G-Force gets a bang out of its bid to break into racing ary diary diary diart diary diary daiary diary heady

BENNETTON, Ferrari, McLaren, G-Force . . . G-Force? Well, if there is a better qualification for entering the racing big time than building the world's first supersonic car, I'd like to know it.

James Morton, one of three partners in the Fontwell, West Sussex, company, says the publicity G-Force Engineering is getting from building Thrust SSC will put it in a good position to get into motor racing - though it will not throw itself immediately into the cut-throat world of Formula One.

G-Force, which started in 1990, is one of many racing engineers in Britain. It concentrates on components but, Mr Morton says, "We could design and build our own car if we wanted to."

A year or so ago, he mentioned to Richard Noble, the Brit who took the speed record in 1983 with Thrust 2, that G-Force would be happy to help with any projects he was planning. Well yes, Mr Noble said, I do have plans for a new runabout: Thrust SSC will have to get from 0 to 600mph in 16 seconds, and be able to bust the sound barrier. G-Force's first job was to knock up a scale model, which got up to 812 mph on Pendine Sands. That worked, and now the real thing is half-built in Fontwell.

The whole project is thoroughly British, not least in the way the car is being built by lunatic enthusiasts who are prepared to work through the night for hardly a bean.

Many of the bits have been donated by sponsors - the chassis, for example, is made of tubes from TI - although the Rolls-Royce engines are being bought from the Ministry of Defence (which was going to use them in Phantoms). G-Force did a lot of the preliminary work free and, Mr Morton says, "We're never going to make money on Thrust."

Let us hope that his reward comes on the race track.

I RANG Sid Joynson determined to hang on to my cynicism. Not only is he a consultant, he has made a television series, backed by a book. A bad start, you will agree.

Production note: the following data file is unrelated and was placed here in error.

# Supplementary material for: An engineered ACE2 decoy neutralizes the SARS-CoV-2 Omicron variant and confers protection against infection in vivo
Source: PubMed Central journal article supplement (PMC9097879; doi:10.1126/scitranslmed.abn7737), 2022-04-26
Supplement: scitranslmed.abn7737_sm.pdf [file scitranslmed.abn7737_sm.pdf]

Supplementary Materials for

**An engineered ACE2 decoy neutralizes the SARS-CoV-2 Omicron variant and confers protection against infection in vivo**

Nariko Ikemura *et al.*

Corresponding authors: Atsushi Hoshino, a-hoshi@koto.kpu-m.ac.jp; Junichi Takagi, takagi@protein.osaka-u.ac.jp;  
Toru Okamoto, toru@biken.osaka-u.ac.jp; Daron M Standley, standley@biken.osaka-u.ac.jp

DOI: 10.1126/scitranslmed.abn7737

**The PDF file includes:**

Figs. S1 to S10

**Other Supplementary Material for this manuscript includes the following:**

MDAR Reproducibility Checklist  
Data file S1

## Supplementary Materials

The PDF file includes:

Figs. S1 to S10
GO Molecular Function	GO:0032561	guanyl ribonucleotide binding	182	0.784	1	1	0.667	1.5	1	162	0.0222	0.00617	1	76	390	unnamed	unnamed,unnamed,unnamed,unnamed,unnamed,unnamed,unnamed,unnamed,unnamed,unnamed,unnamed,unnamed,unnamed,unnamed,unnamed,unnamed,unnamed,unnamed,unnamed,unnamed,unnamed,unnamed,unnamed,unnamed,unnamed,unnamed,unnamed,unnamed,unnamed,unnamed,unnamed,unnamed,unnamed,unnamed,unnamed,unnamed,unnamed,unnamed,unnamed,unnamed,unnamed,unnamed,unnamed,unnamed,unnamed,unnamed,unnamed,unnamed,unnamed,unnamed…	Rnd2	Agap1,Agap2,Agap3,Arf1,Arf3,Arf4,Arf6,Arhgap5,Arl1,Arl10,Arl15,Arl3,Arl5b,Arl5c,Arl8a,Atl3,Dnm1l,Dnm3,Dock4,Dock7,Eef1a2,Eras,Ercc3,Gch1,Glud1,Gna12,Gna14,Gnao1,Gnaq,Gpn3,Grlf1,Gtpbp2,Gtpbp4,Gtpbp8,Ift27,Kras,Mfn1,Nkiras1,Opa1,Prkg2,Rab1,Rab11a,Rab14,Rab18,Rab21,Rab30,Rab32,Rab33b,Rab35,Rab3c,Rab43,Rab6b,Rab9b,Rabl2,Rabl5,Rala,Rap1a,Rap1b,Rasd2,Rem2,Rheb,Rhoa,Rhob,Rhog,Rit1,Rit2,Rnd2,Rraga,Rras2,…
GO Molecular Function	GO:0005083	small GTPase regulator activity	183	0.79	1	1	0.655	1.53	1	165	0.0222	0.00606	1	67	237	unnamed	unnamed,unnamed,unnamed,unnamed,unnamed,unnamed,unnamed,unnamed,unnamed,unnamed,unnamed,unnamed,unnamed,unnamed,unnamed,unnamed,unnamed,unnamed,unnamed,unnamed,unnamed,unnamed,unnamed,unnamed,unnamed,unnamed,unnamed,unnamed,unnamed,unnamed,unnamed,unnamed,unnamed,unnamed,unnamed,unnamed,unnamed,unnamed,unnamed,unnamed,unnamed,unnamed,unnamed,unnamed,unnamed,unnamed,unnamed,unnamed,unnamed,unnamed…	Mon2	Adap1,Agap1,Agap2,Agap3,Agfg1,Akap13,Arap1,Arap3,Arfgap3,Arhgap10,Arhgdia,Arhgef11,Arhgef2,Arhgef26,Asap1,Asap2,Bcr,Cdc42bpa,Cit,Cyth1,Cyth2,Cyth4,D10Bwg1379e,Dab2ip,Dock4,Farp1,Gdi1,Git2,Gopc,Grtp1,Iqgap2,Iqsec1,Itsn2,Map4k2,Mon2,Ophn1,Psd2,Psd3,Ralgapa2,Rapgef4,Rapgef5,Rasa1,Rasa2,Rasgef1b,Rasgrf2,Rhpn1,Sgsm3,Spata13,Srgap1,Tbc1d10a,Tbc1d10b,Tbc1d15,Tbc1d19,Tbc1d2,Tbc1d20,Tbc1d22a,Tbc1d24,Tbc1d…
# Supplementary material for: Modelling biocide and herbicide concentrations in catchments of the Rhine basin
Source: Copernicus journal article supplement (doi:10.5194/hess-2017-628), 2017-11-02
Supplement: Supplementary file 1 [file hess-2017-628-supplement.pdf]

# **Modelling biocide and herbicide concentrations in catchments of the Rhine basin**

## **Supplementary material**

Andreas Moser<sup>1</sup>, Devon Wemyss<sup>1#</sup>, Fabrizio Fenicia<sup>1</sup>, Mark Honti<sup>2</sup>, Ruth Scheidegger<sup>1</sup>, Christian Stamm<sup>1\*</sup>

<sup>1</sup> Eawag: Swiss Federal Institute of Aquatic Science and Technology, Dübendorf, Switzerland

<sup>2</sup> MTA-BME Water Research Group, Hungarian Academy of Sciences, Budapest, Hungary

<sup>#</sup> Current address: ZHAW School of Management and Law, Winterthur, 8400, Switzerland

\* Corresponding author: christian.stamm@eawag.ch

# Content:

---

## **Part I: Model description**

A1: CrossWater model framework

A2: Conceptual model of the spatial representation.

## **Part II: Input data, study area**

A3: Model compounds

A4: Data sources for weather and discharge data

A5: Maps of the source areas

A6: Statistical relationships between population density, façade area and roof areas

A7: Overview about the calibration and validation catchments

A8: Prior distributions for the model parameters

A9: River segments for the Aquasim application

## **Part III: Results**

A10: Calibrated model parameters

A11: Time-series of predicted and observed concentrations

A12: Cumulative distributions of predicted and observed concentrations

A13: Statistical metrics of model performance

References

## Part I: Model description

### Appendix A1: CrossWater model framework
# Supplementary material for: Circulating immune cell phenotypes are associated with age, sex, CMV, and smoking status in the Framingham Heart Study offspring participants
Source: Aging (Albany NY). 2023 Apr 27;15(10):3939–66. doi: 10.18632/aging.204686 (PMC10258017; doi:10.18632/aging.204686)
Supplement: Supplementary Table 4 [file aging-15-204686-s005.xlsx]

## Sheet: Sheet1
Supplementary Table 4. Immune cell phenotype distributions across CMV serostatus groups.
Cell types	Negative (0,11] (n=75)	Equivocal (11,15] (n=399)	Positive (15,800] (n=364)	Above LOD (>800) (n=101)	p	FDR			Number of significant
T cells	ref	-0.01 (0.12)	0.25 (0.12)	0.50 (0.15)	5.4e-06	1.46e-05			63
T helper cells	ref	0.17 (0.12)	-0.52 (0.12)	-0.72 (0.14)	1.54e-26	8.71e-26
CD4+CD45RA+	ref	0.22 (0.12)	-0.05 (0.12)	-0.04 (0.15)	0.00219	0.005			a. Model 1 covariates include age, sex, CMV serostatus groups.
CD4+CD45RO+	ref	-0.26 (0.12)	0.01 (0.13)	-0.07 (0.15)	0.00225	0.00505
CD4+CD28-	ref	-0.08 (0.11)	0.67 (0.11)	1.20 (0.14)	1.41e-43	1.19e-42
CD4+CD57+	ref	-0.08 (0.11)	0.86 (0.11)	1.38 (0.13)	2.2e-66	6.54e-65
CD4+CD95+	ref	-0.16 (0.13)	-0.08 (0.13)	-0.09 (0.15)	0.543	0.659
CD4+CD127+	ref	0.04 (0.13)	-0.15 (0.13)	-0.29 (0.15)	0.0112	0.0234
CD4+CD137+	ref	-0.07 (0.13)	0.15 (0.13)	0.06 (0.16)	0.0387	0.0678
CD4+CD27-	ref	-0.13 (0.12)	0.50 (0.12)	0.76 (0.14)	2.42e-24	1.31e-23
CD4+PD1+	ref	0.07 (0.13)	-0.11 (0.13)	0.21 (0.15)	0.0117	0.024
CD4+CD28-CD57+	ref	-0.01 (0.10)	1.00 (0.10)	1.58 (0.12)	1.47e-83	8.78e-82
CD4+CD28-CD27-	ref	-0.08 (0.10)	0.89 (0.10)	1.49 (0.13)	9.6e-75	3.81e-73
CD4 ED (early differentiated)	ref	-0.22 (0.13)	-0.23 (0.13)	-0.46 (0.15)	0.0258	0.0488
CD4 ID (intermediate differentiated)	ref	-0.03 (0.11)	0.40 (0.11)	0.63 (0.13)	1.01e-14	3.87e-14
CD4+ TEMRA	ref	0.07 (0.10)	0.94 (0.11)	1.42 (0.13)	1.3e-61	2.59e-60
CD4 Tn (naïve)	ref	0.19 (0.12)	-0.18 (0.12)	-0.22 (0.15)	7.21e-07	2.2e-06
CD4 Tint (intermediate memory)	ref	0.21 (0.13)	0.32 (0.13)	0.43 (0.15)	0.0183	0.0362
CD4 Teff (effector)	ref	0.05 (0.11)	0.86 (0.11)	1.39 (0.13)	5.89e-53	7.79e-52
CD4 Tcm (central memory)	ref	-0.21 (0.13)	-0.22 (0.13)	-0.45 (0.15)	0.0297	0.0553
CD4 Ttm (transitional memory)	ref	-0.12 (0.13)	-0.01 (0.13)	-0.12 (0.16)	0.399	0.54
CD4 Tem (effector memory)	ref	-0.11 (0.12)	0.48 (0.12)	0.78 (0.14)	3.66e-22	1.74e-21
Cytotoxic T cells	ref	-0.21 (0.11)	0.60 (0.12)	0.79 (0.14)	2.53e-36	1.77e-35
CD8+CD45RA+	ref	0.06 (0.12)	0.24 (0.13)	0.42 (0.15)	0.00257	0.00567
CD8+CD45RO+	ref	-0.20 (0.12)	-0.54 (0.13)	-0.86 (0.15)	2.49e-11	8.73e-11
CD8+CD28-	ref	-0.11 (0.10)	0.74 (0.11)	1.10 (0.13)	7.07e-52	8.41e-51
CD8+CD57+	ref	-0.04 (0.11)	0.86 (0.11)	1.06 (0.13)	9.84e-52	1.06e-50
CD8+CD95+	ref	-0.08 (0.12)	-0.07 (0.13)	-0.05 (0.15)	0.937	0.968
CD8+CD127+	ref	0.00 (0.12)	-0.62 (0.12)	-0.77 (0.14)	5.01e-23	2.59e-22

But he redeemed himself by being wonderfully abusive about consultants ("con-sultants"), about the overpraised standard BS5750 ("Bullshit 5750") and even about our own dear guru, Tom Peters. Mr Peters's original work used to be wonderful but, Sid says, "he's finally gone mad". All this in a chirpy Leeds accent.

Sid's Heroes, which shows Sid sparking workforces into life during a two-day session, was originally scheduled to go out in prime time, but the BBC is now tucking it away on Sunday mornings. The reason, I suspect, is that he determinedly kept himself in the background, rather than hamming it up in a Harvey-Jones sort of way. Shame, really - we need more jolly business types on telly.

Wake-up call

WHO will take over from Howard Davies as director-general of the CBI? Bunhill's spies suggest three possible categories. First, those who were on the list last time,only three years ago. The man who reportedly came second then was Gwyn Jones of the Welsh Development Agency: he has got into all sorts of trouble over his buccaneering style at the WDA, so he's out.

Then there is Sir Anthony Cleaver of IBM, who is now running the Atomic Energy Authority; but his hands are full of privatisations. Winner in this category must be Nigel Whittaker, recently "released" from Kingfisher, but still regarded as an articulate and capable sort of chap (we mustn't hold his appearances on the dreadful Radio 4 business quiz against him). He used to be head of the CBI's distributive trades committee.